from any substantial and gainful employment. Steve Benjamin testified that claimant could enter the open labor market and earn about $448 per week. However, Mr. Benjamin did not perform a labor market survey. Neither doctor who testified stated claimant was incapable of substantial and gainful employment. While the Court felt that there were significant impediments to claimant returning to work, the evidence was insufficient to establish that claimant was permanently and totally disabled. The Court found a 100% wage loss and an 80% task loss for a 90% work disability. „„ Personal Injury by Accident „„ Arising Out of and In the Course of Employment „„ Nature and Extent of Disability West v. Braums, Inc. and SelfInsured, No. 1,055,651 (June 27, 2013). Claimant was a shift supervisor for respondent. She testified that she slipped and fell on the floor while she was mopping one of the employer’s stores. She felt immediate pain in her hip, back and neck and was taken to Newman Memorial Hospital in Emporia where she received conservative treatment from NP Leighton York. Claimant was initially taken off work and provided temporary restrictions and modified duty. She was eventually released to regular duty. She was diagnosed with injuries to her head, elbow, neck, buttock, and back. She also saw Dr. Hu and Dr. Garrett for treatment. Dr. Garrett testified that he felt that she had chronic SI dysfunction that waxes and wanes, and might have been from a prior fall. Claimant received two epidural shots from Dr. Hu. The shots provided temporary relief but the effects would wear off and her pain would return. Garrett opined that claimant’s condition was a temporary exacerbation, and that her condition was resolved. Dr. Geis examined claimant for respondent’s attorney. He found that claimant’s need for evaluation and treatment was caused by her fall at work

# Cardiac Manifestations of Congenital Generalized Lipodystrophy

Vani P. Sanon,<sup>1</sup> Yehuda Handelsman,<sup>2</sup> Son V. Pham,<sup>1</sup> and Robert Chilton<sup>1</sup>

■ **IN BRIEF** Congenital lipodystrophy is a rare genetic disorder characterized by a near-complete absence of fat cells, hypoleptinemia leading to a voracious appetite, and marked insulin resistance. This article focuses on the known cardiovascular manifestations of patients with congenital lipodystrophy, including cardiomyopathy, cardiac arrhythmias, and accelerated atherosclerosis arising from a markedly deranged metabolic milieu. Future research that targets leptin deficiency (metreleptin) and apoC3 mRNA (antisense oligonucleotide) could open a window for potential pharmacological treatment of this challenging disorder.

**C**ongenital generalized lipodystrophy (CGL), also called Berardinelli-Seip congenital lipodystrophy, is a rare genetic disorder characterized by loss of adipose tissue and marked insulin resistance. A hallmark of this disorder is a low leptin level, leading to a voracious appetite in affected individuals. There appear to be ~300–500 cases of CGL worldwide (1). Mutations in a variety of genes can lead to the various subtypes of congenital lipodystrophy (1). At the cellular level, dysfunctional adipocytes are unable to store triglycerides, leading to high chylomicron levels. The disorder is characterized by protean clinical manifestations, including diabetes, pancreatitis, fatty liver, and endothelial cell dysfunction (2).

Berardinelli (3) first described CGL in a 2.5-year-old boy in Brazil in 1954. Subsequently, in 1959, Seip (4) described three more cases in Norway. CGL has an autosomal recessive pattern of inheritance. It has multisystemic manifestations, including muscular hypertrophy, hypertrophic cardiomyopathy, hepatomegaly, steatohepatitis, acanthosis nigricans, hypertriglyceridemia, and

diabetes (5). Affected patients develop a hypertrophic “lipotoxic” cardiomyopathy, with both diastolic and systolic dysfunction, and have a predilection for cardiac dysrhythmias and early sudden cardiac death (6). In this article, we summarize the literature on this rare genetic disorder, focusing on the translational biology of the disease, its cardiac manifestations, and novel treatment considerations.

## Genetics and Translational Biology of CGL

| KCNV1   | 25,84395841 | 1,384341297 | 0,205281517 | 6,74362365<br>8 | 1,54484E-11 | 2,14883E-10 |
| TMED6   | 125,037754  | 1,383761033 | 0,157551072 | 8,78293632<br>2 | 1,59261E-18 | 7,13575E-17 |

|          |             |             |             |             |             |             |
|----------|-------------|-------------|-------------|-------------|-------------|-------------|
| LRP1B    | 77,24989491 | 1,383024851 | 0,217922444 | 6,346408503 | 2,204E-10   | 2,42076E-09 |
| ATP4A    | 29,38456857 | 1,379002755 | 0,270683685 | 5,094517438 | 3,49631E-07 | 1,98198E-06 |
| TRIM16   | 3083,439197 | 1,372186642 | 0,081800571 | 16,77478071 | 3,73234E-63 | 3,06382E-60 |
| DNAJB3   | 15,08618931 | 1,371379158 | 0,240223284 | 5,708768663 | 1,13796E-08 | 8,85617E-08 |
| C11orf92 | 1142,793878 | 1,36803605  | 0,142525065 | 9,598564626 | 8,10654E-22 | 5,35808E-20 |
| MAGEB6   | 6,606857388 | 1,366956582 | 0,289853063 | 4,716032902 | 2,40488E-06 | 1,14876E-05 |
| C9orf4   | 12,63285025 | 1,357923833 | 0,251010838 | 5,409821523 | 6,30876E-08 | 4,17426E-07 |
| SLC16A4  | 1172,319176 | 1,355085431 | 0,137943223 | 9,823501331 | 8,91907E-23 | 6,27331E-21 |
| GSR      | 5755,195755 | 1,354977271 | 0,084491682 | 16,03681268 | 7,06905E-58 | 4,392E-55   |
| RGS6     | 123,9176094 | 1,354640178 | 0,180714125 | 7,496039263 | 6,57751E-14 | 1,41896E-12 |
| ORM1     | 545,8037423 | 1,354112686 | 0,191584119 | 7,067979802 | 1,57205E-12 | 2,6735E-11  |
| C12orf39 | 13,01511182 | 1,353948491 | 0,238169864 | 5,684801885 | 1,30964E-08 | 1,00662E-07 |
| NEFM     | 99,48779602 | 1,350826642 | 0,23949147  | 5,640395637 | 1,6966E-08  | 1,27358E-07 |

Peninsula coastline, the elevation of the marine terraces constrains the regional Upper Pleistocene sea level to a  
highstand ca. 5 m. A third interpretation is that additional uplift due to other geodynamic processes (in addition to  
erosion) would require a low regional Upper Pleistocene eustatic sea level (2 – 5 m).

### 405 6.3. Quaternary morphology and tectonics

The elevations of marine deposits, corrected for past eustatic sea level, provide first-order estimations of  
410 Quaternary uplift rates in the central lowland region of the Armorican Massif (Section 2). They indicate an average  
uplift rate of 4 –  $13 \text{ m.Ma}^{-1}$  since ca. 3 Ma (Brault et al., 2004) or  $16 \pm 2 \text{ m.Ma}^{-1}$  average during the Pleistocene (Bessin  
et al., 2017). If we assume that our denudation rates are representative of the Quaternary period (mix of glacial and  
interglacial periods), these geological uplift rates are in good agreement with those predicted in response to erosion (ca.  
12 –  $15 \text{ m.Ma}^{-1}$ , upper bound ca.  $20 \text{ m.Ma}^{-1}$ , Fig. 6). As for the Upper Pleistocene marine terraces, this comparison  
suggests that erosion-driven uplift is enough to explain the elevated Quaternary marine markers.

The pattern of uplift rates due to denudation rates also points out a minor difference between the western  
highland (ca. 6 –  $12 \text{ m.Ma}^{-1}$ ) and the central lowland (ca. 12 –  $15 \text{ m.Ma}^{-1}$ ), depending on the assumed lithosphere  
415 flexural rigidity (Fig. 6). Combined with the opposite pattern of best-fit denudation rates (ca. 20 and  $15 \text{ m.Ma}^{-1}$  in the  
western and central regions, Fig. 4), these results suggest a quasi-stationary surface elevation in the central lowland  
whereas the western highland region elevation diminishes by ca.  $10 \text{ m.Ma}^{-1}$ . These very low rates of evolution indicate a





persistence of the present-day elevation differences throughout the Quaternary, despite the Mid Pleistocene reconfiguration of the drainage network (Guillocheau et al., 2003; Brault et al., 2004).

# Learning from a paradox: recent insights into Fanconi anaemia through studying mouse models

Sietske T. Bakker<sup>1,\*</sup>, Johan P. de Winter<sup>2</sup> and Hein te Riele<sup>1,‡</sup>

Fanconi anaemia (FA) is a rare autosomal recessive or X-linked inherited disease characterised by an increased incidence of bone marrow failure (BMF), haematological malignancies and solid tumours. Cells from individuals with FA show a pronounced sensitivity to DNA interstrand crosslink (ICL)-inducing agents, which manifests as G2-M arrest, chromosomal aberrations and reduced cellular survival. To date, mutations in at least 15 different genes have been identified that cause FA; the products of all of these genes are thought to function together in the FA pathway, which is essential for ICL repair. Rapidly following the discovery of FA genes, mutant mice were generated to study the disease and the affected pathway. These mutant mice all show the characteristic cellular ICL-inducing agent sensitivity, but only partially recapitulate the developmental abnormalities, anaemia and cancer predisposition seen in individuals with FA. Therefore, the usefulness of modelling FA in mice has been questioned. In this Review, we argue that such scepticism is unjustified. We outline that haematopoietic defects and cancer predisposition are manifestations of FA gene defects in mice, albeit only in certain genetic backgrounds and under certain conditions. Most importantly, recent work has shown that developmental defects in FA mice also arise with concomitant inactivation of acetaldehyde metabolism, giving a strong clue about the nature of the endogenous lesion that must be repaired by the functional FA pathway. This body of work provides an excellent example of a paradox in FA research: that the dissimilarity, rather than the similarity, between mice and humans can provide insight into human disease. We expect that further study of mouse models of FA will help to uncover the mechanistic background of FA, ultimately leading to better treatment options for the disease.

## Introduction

on July 27, 2010 but that her chronic recurrence of pain was not related to her work injury. Dr. Pratt performed an IME at the request of the parties found that restrictions should be imposed and that the restrictions could be permanent. At the request of claimant, Dr. Murati performed a complete examination of claimant. In addition, claimant was also the subject of an IME by Dr. Fluter, who diagnosed her with neck-upper back, middle back pain, and lower back pain, cervical/thoracic/lumbar strain and sprain, bilateral upper extremity radiculitis, lower extremity radiculitis, probable sacroiliac joint dysfunction and probable trochanteric bursitis. The Court gave no credibility to Dr. Garrett and found that Dr. Murati provided the most detailed analysis of any preexisiting problems that she might have. The Court found her to have a 5% impairment to the body as a whole, a 76% task loss (Murati was the only doctor to render a task loss opinion) and a 100% wage loss for a permanent partial disability of 88%. Future medical care was also granted. p